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Abadan is a city in the Iranian province of Khuzestan, located on the island of the same name. The island is in the Shatt al-Arab river, near the mouth where it empties into the Persian Gulf. (The Shatt al-Arab also defines the border between Iran and Iraq)

While unsuitable for agriculture or most other industries, Khuzestan is rich in oil and thus Abadan is the site of a major refinery. Unfortunately, this, and its position on the border, made the city a target during the Iran-Iraq War.


Abadan is said to have been founded sometime in the eighth century C.E.. The island was actually owned by the Ottoman Empire until 1847, when the Agreement of Ezerum made it property of what was then Persia. It remained a small village up until the 1908, when oil was found in the area by an Australian, one William Knox D’Arcy.

The discovery of oil created an industrial boom in the area, which was then under British control. By 1909 an oil pipeline was built to the city and in 1913 a refinery opened under control of the Anglo-Persian Oil Company.

During World War I, the area was placed under charge of General Percy Sykes who raised an army of local recruits to protect the oil fields. The Germans understood the importance of the area’s oil to the British war effort, and they provided arms to local dissidents who resented the English occupation. No actual German troops ever set foot in the area, though some German agents helped organize the resistance. The resistance was troublesome for a while, but was eventually defeated by General Sykes.

Abadan was untroubled by the events of World War II, and was only affected by world events again in 1951, when Iran took control of the oil industry and nationalized it, creating the National Iranian Oil Company. In 1953, the oil industry suffered greatly as a world-wide oil surplus occurred. The economic effects on Abadan were increased as the British government boycotted Iranian oil in response to their loss of control.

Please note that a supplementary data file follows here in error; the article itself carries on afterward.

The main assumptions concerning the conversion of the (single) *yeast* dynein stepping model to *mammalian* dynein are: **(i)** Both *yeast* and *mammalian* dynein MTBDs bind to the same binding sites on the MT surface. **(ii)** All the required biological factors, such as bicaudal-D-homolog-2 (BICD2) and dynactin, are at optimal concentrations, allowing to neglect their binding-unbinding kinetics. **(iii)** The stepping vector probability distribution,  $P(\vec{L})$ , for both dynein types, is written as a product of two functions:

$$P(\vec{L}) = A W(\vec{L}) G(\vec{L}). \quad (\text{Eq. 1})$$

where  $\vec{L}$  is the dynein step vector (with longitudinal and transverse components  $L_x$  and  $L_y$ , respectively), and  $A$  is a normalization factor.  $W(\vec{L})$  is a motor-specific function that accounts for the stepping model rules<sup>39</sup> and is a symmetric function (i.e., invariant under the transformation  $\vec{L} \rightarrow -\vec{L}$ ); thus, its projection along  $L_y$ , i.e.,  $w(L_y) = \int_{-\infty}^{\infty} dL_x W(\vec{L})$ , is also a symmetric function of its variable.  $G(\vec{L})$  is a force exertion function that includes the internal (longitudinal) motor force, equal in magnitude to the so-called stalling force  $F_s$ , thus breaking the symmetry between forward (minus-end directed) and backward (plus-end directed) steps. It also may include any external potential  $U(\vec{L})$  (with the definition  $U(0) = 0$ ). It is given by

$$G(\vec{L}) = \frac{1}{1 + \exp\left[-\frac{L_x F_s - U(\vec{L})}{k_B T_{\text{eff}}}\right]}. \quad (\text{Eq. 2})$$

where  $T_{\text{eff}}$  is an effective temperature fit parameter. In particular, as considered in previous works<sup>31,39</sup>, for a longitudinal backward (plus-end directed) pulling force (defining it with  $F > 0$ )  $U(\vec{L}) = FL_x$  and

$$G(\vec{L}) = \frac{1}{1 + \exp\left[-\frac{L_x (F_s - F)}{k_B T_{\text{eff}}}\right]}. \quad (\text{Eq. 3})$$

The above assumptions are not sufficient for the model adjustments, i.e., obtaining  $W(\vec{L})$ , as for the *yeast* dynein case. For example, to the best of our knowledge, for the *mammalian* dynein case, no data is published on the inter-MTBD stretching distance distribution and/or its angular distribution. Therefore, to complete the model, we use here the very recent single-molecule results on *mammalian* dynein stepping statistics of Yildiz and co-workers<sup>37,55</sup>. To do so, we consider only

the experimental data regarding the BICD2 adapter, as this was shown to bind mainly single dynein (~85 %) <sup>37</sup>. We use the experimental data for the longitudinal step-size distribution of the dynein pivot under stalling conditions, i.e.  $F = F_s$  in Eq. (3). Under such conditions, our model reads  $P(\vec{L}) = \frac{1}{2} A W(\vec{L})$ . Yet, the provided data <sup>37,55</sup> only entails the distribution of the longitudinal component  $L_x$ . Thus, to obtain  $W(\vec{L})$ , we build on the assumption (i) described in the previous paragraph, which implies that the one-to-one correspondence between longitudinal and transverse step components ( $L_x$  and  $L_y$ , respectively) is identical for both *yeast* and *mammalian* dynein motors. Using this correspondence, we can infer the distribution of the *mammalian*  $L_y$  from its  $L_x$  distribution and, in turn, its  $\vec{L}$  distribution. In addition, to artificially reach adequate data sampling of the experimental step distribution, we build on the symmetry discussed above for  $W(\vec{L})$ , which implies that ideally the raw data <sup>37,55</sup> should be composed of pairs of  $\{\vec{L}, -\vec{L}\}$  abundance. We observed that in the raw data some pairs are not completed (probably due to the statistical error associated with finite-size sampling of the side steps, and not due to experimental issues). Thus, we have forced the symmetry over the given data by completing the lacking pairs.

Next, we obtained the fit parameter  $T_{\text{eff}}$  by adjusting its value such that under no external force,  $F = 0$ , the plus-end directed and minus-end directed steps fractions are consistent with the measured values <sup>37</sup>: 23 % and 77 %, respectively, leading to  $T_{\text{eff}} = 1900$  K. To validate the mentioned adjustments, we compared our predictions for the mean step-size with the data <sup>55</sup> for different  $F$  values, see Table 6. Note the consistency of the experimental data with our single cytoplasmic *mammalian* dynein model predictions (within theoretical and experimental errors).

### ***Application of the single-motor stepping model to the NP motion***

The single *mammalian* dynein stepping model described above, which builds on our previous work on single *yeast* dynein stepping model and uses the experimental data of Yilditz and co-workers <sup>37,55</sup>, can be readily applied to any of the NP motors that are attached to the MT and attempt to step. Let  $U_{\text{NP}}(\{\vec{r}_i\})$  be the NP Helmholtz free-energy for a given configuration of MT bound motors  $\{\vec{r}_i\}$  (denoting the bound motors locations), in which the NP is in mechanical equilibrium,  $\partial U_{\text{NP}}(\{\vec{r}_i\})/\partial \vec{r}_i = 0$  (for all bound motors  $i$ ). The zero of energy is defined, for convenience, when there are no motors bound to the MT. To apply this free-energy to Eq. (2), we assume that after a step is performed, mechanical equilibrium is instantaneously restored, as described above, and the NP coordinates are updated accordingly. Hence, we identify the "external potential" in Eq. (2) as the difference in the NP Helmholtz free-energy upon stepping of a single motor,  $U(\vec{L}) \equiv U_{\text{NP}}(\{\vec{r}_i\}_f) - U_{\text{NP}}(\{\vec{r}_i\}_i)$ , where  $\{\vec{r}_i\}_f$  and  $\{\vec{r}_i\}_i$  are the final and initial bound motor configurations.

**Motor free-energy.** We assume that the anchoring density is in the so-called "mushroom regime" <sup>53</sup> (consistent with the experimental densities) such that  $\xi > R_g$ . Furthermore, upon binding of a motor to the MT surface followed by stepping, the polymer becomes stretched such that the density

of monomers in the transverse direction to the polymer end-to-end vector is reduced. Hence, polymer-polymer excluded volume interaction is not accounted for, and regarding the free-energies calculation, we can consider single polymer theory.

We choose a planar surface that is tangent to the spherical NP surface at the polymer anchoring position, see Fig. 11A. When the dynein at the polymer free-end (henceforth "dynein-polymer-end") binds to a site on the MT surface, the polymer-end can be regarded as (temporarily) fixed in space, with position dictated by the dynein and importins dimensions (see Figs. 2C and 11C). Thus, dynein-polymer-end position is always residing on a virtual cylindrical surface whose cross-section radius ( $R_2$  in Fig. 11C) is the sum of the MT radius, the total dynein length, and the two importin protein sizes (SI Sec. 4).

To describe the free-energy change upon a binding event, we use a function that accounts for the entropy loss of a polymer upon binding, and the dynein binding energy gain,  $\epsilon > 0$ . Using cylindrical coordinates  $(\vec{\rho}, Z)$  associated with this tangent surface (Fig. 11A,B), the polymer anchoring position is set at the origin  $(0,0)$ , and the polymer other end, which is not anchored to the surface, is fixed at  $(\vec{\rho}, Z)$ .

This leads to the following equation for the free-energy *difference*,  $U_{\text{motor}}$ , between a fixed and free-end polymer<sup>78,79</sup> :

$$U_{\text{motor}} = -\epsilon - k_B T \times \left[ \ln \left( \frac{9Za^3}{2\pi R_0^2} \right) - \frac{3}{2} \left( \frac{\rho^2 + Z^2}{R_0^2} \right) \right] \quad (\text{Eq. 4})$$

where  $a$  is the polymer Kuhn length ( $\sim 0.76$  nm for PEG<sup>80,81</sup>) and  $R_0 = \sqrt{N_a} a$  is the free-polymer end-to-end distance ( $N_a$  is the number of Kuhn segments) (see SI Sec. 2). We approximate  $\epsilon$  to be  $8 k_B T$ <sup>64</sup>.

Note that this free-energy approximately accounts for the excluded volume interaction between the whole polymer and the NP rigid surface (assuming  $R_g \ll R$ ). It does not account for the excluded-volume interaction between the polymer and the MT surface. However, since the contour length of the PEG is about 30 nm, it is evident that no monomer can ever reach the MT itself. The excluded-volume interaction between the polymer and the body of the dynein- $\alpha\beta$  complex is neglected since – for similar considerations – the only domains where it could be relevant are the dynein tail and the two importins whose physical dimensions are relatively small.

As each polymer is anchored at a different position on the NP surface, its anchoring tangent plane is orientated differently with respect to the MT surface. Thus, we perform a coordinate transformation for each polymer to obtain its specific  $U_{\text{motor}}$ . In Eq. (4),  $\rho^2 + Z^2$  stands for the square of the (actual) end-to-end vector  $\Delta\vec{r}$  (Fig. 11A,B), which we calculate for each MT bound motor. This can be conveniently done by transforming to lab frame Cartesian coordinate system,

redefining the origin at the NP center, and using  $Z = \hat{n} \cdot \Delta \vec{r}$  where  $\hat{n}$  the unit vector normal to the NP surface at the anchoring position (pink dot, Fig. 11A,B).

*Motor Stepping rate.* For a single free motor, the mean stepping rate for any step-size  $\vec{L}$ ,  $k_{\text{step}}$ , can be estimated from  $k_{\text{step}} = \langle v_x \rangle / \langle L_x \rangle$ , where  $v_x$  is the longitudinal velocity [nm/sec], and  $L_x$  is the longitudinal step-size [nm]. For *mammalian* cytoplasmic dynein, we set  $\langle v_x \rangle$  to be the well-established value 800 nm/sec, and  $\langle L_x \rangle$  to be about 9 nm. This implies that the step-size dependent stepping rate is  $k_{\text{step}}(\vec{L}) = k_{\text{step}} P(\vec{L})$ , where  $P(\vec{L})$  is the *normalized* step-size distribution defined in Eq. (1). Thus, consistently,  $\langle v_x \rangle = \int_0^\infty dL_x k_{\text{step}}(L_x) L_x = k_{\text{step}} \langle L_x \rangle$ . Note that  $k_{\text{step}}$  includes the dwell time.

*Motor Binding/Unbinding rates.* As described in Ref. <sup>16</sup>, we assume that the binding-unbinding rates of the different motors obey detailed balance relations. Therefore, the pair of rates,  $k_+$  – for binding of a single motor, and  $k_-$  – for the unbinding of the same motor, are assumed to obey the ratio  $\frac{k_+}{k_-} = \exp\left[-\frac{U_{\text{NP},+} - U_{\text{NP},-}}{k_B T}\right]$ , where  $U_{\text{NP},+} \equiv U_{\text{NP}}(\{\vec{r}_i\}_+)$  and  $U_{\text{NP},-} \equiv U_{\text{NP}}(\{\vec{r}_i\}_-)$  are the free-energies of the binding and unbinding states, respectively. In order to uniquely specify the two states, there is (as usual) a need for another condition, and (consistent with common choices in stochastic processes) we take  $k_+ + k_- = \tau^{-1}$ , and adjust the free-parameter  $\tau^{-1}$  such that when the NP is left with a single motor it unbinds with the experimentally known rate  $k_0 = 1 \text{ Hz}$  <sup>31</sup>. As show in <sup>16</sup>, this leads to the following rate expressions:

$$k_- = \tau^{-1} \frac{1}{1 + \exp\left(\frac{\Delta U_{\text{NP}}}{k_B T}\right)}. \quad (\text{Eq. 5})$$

The oil market eventually rebounded, and by the late 1970s the city had over a quarter of a million citizens, almost all working in the oil refining or shipping industries. By this time Abadan had one of largest, if not the largest, oil refineries in the world.

On September 22, 1980, Abadan was among the targets of Iraqi bombers in the opening bombardment of the Iran-Iraq War, due to the strategic importance of the refineries and military airport located there. While never successfully taken by Iraqi forces, artillery and bombers destroyed much of the city and especially the refineries. Most of the city was evacuated while military and oil company personnel stayed behind to guard the city and fight raging fires in the refineries.

After the war ended in 1988 reconstruction began, but went slowly. The city’s population, which before the war was 296,081 (1976), was only 84,774 in 1991. While the city will undoubtedly continue to play an important part in the oil industry, eight years of being near the center of a war has left scars that will probably take decades to heal.

  • Ali Banuazizi. "Iran." World Book Encyclopedia. Chicago: World Book Inc., 1988.
  • "Abadan." Columbia Encyclopedia. New York: Columbia University Press, 2003. (Article located online at bartleby.com <http://www.bartleby.com/65/ab/Abadan.html>)
  • Kamin Mohammadi. Return To Abadan. Travel Intelligence. 18 December 2003. <http://www.travelintelligence.net/wsd/articles/art_1524.html>
  • Abadan. Encyclopedia of the Orient. 18 December 2003. <http://icias.com/e.o/abadan.htm>
  • Shatt El Arab. Encyclopedia of the Orient. 18 December 2003. <http://icias.com/e.o/shatt_ar.htm>
  • The History of Iran- Iran-Iraq War 1980-1988. IranChamber.com Society. 19 December 2003. <http://www.iranchamber.com/history/iran_iraq_war/iran_iraq_war1.php>
  • Abadan- History. Mideast Traveling. 19 December 2003. <http://www.mideasttravelling.net/iran/abadan/abadan_history.htm>

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